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5 essential skills for big data scientists

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The role of data scientists is becoming more prominent, with Harvard Business Review calling it the “sexiest job of the 21st century” and the White House naming its first U.S. chief data scientist.

A couple of years ago, data scientist jobs were limited to tech companies in Silicon Valley for the most part, according to Adam Flugel, executive recruiter for data science at Burtch Works.

“Now it’s not nearly as limited to those spaces,” Flugel told Power More.

Today, all kinds of companies are hiring people with backgrounds in data mining, machine learning, programming and basic statistics. This is especially true at retail and consumer-packaging companies, Flugel noted.

“What would differentiate a data scientist is the ability to work with unstructured data, real time streams and other complex sources,” he said.

There’s a growing need for data scientists. By 2020, there will be about 10 times the amount of data there is today, according to IDC.

Data scientists will be needed to comb through genomic data in health care to help physicians recommend treatments for patients with cancer. In retail, data scientists will help stores determine which products to place on shelves based on customer preference. In finance, they can help predict the performance of funds.

No matter whether the title is big data scientist, data architect or data analyst, the focus of the position is to gather and make sense of data to ultimately make better business decisions, John Reed, senior executive director of Robert Half Technology, told Power More.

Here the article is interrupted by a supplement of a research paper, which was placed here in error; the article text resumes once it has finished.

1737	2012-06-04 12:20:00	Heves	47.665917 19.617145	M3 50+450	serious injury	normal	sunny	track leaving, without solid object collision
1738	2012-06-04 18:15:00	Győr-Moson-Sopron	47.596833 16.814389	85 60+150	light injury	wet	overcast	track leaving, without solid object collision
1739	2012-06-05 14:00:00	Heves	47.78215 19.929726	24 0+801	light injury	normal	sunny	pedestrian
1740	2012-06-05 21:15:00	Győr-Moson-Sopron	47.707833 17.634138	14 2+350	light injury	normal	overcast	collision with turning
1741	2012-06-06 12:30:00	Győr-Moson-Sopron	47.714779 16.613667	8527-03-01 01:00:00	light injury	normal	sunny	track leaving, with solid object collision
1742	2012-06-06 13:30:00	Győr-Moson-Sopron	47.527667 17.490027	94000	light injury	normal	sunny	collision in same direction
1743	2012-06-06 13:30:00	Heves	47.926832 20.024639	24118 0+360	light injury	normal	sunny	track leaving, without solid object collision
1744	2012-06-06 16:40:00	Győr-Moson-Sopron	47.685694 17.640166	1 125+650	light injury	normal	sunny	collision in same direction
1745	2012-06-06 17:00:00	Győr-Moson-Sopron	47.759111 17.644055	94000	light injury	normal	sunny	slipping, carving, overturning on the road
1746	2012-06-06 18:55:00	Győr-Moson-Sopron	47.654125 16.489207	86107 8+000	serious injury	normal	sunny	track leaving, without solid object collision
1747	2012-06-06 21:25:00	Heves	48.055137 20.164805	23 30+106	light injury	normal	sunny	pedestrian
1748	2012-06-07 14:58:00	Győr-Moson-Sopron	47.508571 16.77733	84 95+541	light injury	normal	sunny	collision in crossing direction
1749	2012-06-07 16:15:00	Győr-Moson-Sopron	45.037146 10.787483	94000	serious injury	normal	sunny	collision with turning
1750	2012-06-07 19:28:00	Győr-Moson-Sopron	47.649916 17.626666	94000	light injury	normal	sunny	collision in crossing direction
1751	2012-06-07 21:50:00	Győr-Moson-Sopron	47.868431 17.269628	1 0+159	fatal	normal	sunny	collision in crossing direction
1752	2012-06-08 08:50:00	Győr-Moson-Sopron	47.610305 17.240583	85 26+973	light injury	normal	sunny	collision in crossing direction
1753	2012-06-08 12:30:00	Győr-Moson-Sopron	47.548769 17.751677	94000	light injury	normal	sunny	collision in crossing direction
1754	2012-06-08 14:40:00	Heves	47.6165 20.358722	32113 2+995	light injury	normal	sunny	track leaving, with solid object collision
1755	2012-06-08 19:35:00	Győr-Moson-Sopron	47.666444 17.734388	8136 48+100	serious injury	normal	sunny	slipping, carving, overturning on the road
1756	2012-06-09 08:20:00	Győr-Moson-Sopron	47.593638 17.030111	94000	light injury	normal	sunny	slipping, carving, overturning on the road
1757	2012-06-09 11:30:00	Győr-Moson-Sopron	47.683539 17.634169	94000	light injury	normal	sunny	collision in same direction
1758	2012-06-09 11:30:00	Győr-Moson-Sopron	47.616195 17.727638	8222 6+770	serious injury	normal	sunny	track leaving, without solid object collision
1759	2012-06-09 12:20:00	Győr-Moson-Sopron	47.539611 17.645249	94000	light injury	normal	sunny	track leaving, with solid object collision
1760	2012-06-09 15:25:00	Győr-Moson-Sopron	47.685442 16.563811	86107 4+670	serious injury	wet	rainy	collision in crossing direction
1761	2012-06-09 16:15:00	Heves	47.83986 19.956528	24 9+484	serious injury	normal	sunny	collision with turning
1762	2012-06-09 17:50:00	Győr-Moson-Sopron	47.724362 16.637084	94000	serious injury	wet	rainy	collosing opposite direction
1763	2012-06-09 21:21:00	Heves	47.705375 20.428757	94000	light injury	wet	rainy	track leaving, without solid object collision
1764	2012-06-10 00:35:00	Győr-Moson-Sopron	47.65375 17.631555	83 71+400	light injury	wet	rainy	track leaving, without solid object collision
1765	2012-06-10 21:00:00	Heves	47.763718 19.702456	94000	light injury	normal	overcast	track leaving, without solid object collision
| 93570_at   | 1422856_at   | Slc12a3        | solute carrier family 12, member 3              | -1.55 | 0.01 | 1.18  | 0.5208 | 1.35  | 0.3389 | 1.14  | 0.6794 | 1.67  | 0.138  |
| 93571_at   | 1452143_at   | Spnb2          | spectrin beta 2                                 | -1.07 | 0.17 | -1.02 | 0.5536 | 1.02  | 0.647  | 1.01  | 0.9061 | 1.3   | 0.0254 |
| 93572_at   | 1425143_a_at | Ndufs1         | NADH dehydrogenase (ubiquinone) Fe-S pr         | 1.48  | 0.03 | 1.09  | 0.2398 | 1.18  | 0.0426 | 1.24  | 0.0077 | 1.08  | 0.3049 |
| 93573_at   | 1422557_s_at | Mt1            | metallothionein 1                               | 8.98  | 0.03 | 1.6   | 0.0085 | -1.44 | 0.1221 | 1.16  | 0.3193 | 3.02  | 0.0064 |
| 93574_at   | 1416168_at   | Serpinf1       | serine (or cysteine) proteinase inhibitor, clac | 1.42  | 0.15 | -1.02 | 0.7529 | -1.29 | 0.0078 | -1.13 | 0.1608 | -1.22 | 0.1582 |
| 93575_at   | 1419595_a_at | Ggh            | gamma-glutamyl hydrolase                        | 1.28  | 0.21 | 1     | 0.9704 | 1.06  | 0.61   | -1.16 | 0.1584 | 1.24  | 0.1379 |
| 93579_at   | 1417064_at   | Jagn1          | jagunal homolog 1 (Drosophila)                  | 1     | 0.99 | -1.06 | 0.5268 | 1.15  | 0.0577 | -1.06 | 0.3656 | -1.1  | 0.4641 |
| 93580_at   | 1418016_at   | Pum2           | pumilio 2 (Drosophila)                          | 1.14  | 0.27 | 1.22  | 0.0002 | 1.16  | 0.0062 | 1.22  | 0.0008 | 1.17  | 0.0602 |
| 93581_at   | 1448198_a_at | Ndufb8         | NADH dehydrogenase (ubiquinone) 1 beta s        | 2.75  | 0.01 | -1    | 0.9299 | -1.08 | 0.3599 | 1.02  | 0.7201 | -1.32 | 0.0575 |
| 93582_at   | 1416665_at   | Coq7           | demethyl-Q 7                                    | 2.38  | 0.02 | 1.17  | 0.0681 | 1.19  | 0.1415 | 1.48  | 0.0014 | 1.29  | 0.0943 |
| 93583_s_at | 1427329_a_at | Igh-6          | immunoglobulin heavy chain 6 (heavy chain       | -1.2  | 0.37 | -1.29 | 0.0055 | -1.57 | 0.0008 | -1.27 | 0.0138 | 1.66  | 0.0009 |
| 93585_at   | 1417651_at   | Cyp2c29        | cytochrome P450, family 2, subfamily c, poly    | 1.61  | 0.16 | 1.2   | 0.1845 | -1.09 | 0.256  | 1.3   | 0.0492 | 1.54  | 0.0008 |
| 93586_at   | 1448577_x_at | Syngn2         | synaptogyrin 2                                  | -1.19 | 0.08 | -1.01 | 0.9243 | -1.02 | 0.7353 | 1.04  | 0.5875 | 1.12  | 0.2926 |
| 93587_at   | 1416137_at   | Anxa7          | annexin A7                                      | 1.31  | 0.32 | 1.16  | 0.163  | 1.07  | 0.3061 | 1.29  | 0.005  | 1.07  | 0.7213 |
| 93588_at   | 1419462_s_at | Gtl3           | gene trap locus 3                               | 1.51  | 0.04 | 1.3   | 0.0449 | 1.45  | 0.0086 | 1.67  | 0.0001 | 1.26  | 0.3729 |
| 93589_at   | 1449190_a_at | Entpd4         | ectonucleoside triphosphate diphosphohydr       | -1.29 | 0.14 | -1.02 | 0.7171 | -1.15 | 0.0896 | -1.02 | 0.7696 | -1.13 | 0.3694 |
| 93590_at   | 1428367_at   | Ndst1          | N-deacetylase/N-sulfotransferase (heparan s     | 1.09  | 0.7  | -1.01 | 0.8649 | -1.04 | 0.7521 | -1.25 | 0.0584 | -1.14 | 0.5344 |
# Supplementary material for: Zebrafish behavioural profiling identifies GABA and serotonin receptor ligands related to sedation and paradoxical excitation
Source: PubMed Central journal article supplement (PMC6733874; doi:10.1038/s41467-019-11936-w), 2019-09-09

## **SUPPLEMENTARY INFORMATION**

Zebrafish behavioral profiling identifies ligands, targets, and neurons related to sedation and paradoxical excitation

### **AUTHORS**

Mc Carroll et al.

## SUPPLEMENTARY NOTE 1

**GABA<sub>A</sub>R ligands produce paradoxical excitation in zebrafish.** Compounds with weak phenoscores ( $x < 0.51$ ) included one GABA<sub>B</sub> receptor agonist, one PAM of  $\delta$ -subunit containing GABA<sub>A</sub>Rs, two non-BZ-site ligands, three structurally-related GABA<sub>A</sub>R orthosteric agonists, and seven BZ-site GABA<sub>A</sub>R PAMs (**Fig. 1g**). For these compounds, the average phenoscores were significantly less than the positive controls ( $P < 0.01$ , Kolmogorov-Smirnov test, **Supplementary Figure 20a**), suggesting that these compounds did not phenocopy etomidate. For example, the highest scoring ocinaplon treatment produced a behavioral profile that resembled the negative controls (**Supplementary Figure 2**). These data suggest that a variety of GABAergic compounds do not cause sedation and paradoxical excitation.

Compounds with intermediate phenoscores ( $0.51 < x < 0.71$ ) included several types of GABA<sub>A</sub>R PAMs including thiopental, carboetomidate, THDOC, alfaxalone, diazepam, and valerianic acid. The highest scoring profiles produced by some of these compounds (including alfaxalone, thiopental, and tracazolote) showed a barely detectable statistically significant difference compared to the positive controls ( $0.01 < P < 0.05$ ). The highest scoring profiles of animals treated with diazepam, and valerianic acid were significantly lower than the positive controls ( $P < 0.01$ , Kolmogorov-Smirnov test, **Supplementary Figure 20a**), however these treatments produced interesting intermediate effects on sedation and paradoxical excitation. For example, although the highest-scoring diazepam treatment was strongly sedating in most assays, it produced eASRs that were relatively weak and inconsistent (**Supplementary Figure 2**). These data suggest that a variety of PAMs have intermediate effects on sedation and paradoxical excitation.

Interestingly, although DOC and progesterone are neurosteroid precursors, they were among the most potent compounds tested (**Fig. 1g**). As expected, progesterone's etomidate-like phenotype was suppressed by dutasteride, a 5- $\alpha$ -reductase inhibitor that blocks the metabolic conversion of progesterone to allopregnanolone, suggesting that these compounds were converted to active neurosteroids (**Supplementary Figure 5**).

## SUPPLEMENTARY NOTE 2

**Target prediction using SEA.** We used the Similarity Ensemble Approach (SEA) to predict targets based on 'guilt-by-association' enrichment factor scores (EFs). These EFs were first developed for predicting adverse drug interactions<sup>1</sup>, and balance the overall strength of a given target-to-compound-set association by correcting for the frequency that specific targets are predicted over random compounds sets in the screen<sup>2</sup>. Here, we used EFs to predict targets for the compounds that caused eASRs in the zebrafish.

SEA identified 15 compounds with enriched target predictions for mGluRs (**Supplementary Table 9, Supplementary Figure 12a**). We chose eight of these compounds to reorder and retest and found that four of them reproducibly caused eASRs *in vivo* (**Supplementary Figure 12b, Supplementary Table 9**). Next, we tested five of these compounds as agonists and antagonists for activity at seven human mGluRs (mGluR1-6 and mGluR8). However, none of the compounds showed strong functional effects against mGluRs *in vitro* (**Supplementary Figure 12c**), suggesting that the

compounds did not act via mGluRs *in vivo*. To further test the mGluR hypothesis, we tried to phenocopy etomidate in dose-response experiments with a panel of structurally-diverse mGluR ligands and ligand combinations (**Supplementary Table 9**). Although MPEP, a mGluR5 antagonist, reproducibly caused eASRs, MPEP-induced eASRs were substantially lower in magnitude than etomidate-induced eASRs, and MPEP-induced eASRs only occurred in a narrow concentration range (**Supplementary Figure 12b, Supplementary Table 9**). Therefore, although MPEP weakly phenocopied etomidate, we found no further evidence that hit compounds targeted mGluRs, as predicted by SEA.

The role also requires the person to place the data in a reportable format and to use business intelligence tools, Reed said.

Here are five skills data scientists will need.

1. Experience with Apache Hadoop

The ability to build and set up Apache Hadoop clusters is important for a data scientist. Hadoop is an open-source framework written in Java that enables storage and processing of large data sets. Hadoop is known as the standard in big data for storing, processing and analyzing hundreds of petabytes of data. The framework allows users to gain insights from both structured and unstructured data.

Merkle, a customer-relationship marketing agency, uses Hadoop to provide its clients with a unified view of customer data.

“We had to come up with a computing model that was way more scalable than what we had,” Shawn Streett, vice president of managed hosting for Merkle, said in a case study. “Hadoop was the logical target for us.”

Analytics software built with a Hadoop-ready library can allow users to create dashboards of scenarios, such as what shoppers might purchase at various times of the year or how air quality might affect asthma patients.

Core components of the Hadoop stack include the Hadoop Distributed File System and MapReduce, a programming model that uses a parallel, distributed algorithm or a cluster to process and generate large data sets.

2. Ability to cull through multiple databases

Data scientists in various industries, including health care, finance and retail, need to pull data from multiple databases, Flugel noted.

“The more types of databases you can work with, the more hands-on experience you have, the more effective a data scientist you’ll be because you can work with more data sources,” Flugel said.

Examples of databases include MongoDB, a cross-platform document-oriented database, Apache Cassandra, an open-source, distributed database management system and NoSQL, which is becoming a more important part of big data and Web applications because searches can be less constrained. NoSQL allows data scientists to store and retrieve data without the tabular methods of relational databases.